Swan Lake leaps into 3D
St Petersburg’s Mariinsky Theatre staged the first ever 3D live ballet, filmed using James Cameron’s ground-breaking technology as seen in Avatar, and Peter Colley pulled on his 3D glasses to check out the results.
3D has proved one of the major new money-spinners of recent years, enticing audiences back into cinemas with promises of a fresh experience.
Of course, the format has been around since the birth of cinema, but the next level of 3D arguably came with the release of James Cameron’s Avatar in 2009. It therefore seems only fitting that his company – Cameron Pace – be the ones to give the world’s first 3D ballet its third-dimension.
Filmed at the Mariinsky Theatre in St. Petersberg, the event was broadcast to 50 countries around the world.
Before the ballet began, we saw our first glimpse of 3D action with a visual tour around St. Petersberg. From buildings to rivers, everything was enhanced. And this dazzling depiction was a taste of things to come.
The scene cut to the Mariinsky Theatre, where we were acquainted with the various people participating in the evening’s event, including Russian actress and philanthropist Natalia Vodianova – who acted as the storyteller.
The footage briefly lost its synchronization during the interviews, but the impact of this fault was minimal.
Waiting for the performance to begin, the announcers at Mariinsky stated the prohibiting of photography, which felt obsolete considering the hazy screen effect without the 3D glasses.
The opening dances featured incredible dance cues, and it’s a credit to the Theatre’s multi-camera setup that the most intimate and vibrant moments were perfectly captured.
It took some time for the 3D to become prominent, or at least evident, but this could be interpreted as a positive sign that - despite the technical advancements - 3D did not distract from the main performances.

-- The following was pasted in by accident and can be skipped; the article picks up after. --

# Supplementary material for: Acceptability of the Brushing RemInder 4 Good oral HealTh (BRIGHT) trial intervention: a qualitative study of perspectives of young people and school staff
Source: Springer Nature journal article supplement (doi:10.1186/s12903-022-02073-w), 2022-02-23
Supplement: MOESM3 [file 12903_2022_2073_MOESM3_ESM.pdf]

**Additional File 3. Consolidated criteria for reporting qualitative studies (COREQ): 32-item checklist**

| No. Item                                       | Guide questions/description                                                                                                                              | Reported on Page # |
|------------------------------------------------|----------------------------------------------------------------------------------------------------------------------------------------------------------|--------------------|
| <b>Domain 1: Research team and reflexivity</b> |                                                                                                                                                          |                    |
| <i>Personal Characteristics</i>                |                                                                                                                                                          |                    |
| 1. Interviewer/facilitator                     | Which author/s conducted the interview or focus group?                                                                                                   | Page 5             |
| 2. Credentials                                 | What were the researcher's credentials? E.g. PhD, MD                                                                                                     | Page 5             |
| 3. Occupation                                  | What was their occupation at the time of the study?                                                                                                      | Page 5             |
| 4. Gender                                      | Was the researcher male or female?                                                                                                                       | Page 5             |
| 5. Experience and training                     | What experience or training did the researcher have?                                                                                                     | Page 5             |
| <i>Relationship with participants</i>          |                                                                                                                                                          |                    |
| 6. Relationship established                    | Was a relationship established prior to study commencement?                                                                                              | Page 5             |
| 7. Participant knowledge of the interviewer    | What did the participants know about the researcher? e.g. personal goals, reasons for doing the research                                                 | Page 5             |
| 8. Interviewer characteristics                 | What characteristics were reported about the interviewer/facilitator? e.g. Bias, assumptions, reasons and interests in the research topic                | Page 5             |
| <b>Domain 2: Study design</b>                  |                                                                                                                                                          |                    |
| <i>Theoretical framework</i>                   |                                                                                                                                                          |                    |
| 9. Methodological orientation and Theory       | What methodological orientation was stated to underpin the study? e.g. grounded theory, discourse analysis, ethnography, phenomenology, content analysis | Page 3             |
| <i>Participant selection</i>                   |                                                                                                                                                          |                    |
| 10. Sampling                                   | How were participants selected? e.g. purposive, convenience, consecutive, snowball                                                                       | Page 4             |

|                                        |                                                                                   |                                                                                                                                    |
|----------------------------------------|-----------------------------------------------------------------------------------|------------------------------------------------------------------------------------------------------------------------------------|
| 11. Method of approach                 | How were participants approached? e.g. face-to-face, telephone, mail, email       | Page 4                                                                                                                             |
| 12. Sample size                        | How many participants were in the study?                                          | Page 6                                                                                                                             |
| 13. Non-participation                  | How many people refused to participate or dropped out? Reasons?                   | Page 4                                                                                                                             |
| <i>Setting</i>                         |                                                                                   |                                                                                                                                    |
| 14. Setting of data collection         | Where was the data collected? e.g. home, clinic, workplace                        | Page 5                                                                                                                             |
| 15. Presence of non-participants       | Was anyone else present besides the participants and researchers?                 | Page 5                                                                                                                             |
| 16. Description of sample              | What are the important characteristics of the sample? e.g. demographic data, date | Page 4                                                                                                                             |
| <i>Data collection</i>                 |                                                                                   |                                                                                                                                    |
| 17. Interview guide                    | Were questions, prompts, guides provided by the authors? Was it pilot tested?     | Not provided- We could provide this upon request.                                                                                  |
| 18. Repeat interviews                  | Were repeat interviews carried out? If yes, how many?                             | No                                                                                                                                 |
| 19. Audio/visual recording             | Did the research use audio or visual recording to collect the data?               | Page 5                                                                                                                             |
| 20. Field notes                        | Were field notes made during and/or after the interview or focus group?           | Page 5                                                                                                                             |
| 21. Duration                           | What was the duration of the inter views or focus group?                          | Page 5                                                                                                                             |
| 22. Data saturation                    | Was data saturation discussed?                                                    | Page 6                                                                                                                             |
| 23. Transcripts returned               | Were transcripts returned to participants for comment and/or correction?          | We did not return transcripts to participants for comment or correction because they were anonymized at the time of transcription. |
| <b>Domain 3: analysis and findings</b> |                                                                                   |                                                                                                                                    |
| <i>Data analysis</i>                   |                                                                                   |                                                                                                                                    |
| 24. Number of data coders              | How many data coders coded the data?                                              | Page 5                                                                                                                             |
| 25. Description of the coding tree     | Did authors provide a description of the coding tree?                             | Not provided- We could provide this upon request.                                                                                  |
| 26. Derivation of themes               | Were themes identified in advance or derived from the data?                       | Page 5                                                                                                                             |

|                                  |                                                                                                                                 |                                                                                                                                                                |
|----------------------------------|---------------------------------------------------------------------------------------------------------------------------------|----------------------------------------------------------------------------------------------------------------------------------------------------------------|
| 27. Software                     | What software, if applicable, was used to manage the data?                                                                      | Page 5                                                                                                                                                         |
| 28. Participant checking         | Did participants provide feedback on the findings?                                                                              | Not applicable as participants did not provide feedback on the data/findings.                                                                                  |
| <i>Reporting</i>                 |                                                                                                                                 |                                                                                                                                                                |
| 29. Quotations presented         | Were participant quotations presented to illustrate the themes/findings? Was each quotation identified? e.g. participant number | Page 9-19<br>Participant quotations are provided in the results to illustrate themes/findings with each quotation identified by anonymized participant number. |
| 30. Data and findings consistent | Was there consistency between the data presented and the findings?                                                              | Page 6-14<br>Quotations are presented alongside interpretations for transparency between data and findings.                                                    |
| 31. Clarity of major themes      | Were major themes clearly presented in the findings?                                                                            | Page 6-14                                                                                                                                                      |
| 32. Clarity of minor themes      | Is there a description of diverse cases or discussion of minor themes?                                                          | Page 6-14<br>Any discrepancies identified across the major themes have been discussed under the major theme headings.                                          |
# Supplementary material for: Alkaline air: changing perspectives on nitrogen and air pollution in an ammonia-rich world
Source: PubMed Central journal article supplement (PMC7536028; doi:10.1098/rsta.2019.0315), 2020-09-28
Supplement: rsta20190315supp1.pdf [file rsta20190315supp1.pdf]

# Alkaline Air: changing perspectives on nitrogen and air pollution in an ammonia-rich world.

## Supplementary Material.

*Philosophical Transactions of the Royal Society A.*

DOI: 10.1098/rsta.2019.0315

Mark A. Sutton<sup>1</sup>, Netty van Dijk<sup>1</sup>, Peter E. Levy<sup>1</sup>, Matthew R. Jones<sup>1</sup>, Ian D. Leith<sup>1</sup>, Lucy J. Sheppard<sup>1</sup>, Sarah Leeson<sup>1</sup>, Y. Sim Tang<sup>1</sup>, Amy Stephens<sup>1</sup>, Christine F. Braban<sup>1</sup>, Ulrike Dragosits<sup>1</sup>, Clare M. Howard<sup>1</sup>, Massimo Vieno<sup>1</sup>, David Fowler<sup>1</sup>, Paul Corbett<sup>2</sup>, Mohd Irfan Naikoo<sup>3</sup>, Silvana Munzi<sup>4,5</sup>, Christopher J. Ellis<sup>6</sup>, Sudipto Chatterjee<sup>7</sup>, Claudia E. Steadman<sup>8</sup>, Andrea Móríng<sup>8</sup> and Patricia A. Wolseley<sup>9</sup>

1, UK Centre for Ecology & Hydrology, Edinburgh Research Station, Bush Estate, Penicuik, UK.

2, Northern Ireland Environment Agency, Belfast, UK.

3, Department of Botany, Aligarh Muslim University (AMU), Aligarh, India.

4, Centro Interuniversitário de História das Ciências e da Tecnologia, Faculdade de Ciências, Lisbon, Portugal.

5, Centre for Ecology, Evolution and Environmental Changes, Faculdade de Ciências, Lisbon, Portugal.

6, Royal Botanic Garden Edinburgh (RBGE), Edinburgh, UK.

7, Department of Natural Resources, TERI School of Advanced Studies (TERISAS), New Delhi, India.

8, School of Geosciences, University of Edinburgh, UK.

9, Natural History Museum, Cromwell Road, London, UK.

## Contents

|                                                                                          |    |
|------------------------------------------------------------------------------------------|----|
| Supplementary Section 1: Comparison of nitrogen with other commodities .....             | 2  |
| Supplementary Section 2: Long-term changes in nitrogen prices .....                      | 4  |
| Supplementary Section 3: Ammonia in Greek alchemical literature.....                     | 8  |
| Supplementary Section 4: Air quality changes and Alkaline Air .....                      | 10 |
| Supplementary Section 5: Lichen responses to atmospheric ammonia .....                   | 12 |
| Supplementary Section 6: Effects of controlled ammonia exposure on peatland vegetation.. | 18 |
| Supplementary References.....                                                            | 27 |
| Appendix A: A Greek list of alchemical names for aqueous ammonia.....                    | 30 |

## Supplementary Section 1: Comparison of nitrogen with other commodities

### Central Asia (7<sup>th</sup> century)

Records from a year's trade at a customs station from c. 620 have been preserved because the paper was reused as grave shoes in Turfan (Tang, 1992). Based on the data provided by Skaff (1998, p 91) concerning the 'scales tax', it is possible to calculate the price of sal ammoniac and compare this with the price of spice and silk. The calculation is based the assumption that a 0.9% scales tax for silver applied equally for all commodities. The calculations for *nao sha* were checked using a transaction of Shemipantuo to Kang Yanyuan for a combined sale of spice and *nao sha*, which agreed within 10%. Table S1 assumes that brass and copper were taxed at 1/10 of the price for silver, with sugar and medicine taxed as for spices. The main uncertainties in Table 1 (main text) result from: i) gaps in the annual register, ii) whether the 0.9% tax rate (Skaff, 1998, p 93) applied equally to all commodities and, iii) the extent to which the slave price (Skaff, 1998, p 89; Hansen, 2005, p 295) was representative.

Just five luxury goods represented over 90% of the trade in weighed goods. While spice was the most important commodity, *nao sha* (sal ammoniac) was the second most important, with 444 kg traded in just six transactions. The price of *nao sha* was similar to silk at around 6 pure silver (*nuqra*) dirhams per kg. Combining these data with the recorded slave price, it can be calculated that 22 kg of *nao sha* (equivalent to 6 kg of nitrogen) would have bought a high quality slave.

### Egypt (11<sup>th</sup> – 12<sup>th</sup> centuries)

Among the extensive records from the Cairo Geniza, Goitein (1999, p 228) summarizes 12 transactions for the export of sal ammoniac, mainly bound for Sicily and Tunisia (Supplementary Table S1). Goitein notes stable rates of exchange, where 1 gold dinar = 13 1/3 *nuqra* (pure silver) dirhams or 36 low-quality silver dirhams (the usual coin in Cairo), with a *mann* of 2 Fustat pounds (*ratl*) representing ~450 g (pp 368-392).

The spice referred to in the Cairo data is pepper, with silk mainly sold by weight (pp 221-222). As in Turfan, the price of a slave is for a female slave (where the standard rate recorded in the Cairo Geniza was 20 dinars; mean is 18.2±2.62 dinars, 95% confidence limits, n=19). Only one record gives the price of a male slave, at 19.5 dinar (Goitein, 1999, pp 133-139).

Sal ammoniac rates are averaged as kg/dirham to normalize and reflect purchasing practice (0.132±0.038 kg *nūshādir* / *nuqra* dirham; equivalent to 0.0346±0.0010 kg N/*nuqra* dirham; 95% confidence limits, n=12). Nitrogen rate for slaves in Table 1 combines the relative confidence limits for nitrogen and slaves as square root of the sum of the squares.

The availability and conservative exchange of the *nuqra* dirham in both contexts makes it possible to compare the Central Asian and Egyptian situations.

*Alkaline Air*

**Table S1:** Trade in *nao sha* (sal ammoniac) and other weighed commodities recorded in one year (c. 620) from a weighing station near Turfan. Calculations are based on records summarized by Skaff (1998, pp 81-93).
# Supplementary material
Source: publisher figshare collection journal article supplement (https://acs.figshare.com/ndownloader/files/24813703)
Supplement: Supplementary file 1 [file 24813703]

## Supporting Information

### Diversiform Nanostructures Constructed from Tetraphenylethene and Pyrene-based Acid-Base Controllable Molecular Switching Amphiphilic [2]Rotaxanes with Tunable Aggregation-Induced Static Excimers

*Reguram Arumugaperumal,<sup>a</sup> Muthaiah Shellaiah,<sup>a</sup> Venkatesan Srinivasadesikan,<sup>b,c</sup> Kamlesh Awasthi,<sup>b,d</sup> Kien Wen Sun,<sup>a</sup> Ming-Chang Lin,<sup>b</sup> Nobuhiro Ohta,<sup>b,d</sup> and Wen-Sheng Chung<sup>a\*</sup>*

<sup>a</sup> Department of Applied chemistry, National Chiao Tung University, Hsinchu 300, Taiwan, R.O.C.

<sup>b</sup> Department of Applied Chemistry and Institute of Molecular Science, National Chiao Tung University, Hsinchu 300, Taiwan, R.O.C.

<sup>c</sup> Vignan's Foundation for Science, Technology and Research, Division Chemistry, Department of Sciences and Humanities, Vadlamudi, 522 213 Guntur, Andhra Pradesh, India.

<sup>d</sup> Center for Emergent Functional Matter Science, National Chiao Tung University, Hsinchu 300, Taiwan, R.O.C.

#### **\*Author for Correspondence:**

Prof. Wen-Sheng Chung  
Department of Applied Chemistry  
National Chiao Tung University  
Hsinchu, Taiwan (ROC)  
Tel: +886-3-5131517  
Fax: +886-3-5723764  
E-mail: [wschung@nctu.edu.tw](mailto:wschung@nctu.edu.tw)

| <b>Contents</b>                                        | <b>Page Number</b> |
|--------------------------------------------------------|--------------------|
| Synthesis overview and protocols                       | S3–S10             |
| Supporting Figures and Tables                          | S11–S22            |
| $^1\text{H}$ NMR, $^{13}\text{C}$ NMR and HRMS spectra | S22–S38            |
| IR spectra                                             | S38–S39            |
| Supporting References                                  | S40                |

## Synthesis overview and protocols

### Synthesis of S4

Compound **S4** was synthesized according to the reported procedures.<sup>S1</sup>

As the production continued, and the dances progressed to include greater numbers of more animated performers - almost leaping out from the confines of the stage - and it was through these synchronized dance cues that the 3D became more prominent.
Arguably, the highlight of the event – and the use of 3D – was during the first act, set by the lake. The scene depicted a night-time scene with the Swan Maidens and was mesmerizing, creating a visually-rewarding performance.
As the curtain went down, there was a collective feeling of being overwhelmed. Previous releases have shown that 3D is often best when depicting a spectacle, but in ballet the performances are the spectacle.
During the interval, Jonathan Phoenix of organiser Glass Slipper revealed there were more events lined up. “The more events, the more we can promote”, he said.
He also said that Swan Lake was an appropriate choice for the first live 3D ballet. “It is the ballet,” he added, citing the event as a good way to get people into the dance form.
Swan Lake 3D represents an extraordinary achievement for both cinema and ballet.